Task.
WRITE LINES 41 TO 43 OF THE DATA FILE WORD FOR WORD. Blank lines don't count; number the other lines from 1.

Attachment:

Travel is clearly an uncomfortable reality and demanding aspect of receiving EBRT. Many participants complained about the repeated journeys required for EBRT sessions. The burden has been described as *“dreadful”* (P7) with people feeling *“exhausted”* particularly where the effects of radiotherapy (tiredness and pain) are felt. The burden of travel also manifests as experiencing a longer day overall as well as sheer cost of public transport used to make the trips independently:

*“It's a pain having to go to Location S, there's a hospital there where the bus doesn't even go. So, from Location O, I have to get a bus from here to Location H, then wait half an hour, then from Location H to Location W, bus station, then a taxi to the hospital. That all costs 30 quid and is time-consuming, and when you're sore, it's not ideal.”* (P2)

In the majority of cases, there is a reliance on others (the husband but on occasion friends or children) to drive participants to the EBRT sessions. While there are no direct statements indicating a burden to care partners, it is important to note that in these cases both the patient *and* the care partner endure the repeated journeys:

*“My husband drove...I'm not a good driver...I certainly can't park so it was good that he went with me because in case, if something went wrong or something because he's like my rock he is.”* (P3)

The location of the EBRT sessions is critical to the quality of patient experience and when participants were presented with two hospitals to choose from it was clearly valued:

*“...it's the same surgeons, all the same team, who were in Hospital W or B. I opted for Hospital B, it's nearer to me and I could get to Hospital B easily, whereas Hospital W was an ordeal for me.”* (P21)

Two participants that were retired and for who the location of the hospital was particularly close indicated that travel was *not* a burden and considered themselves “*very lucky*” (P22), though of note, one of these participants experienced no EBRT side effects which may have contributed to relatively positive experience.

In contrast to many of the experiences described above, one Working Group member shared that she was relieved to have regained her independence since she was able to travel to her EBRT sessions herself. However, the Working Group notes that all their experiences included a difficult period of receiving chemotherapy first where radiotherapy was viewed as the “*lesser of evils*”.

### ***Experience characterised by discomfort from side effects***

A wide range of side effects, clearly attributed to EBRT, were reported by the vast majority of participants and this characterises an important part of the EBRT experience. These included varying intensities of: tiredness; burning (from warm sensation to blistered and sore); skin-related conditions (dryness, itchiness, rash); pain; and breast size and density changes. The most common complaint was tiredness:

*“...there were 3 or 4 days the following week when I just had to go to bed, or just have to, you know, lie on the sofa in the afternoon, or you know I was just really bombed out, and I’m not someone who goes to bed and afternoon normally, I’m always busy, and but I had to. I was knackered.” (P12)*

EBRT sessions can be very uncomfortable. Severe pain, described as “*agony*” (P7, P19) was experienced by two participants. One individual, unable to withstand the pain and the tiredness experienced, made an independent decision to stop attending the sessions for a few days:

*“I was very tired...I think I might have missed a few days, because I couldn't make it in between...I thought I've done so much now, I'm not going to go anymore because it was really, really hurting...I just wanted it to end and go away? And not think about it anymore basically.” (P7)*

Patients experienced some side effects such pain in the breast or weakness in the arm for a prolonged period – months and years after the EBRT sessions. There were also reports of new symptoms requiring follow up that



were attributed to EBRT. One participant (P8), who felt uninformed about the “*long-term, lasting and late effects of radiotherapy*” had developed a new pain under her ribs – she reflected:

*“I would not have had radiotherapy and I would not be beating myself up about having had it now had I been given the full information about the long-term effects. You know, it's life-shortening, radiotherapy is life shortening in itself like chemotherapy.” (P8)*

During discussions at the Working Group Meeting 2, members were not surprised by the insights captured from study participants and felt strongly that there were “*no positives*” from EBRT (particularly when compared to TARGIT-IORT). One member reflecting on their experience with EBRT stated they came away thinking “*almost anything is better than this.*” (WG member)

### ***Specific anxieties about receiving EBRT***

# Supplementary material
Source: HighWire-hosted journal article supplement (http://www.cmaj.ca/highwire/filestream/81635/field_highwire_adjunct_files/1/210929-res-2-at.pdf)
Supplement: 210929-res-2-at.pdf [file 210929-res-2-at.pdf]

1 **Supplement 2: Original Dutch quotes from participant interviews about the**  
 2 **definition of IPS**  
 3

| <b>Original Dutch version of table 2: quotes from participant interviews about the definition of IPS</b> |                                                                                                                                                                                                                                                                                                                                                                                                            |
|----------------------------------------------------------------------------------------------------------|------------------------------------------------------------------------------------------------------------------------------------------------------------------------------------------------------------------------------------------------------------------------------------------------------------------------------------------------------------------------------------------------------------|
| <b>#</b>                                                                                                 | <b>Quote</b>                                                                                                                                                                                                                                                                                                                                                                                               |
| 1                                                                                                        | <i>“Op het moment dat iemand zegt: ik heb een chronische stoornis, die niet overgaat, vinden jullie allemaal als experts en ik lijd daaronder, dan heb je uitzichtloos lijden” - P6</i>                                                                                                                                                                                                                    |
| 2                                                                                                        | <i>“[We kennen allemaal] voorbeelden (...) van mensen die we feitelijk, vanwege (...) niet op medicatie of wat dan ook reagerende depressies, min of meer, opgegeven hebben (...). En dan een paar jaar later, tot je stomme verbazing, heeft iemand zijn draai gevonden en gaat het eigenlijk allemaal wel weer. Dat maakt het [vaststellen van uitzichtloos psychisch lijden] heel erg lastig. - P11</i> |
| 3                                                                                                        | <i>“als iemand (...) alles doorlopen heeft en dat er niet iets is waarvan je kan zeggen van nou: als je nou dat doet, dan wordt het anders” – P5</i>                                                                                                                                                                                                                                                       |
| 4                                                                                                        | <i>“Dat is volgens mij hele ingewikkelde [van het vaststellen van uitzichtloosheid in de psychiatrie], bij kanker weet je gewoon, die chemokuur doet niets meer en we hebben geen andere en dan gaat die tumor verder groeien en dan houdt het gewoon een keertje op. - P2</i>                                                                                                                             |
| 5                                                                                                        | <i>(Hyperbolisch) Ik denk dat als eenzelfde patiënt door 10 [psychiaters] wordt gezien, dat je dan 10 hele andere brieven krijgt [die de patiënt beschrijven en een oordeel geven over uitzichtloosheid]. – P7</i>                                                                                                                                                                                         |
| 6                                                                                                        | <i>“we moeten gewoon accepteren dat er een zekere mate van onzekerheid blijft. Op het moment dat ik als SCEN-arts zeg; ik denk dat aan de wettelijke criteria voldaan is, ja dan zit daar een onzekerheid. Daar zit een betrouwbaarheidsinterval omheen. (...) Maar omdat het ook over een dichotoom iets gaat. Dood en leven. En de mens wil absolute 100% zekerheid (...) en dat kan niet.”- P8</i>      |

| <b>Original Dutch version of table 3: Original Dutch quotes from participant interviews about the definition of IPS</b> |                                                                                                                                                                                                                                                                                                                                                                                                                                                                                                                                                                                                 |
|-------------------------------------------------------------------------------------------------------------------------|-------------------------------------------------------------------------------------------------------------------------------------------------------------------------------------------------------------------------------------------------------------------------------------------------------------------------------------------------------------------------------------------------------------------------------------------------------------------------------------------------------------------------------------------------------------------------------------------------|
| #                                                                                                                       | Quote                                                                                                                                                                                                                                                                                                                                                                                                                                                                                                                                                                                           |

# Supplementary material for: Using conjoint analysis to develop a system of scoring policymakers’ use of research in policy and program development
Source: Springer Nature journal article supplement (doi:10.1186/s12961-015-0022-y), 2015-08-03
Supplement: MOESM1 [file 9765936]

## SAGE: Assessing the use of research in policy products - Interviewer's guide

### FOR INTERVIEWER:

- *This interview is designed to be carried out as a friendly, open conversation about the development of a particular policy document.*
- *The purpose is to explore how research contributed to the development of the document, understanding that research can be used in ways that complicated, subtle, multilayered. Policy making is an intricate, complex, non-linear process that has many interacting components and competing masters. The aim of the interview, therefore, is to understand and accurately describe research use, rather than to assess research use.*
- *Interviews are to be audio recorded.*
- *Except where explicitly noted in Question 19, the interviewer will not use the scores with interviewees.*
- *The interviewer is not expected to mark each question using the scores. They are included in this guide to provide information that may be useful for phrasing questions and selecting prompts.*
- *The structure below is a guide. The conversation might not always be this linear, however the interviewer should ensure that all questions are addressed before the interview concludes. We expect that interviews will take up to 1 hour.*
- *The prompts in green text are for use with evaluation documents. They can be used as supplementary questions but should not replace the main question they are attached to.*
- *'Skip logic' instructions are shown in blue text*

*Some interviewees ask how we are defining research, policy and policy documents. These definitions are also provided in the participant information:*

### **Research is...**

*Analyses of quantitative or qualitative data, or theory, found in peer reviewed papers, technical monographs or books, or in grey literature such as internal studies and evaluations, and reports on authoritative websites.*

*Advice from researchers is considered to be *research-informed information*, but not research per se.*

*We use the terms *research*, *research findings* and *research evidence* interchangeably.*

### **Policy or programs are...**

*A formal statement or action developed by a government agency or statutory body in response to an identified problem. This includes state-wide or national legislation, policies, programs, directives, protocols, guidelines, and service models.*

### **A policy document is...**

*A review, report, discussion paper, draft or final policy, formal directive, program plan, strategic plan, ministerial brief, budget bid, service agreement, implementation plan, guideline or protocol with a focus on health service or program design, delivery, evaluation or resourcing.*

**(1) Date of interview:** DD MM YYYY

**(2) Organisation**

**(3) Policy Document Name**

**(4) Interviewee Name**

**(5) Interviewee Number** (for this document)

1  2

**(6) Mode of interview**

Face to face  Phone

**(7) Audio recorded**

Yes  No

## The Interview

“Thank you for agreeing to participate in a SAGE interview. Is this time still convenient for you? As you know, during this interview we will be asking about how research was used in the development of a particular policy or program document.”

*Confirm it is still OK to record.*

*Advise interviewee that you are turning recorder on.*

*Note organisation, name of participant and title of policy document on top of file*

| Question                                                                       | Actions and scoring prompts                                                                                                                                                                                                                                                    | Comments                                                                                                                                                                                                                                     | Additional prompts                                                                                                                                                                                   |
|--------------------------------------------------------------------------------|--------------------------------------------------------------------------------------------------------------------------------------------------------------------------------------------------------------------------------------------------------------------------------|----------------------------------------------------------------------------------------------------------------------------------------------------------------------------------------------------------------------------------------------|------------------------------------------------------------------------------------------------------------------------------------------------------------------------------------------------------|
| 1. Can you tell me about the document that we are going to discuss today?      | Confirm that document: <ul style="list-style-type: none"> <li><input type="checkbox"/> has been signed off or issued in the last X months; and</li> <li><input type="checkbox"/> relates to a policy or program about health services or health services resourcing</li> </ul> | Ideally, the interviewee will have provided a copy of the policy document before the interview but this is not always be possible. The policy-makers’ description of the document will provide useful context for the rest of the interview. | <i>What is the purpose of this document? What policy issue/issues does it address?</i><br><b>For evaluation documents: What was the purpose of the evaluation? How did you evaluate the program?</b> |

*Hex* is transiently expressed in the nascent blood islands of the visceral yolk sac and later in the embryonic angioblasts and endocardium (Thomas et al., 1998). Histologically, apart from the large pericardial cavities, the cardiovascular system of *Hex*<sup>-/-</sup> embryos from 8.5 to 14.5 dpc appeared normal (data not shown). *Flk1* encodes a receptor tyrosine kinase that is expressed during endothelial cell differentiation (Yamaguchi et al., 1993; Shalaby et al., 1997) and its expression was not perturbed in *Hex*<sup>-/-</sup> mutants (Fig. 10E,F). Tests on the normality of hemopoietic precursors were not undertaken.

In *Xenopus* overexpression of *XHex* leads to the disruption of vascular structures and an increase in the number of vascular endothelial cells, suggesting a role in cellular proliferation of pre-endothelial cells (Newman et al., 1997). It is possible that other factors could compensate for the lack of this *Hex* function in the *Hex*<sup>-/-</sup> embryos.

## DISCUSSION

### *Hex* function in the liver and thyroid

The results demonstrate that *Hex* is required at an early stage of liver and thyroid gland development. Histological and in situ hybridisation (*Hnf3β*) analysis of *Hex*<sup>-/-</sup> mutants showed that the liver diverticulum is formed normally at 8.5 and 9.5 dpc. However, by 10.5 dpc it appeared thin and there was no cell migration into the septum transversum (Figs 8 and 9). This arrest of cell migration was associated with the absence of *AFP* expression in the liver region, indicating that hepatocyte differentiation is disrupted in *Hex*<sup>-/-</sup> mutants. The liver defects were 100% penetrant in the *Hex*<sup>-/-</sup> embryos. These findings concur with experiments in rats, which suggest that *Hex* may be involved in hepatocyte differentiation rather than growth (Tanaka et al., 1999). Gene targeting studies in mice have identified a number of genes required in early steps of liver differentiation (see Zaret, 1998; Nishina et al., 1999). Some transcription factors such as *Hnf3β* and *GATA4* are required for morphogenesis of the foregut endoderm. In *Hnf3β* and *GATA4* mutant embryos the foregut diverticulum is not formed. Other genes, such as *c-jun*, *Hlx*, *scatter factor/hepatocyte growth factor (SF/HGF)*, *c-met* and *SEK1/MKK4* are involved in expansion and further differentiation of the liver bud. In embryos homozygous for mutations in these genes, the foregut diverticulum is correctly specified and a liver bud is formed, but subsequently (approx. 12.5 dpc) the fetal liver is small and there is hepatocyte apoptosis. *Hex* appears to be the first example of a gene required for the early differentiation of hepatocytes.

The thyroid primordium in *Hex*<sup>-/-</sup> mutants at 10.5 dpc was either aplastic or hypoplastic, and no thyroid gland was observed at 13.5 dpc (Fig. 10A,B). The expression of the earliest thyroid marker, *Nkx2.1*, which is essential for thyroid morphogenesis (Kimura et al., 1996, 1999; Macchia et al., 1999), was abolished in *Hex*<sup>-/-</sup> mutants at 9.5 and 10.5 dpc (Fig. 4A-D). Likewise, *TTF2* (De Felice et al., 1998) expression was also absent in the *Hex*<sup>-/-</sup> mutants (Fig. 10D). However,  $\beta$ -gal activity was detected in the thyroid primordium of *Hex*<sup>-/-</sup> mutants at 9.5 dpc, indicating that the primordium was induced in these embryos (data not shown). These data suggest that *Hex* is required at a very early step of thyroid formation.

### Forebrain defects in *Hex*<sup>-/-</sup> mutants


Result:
### FOR INTERVIEWER:

- *This interview is designed to be carried out as a friendly, open conversation about the development of a particular policy document.*
- *The purpose is to explore how research contributed to the development of the document, understanding that research can be used in ways that complicated, subtle, multilayered. Policy making is an intricate, complex, non-linear process that has many interacting components and competing masters. The aim of the interview, therefore, is to understand and accurately describe research use, rather than to assess research use.*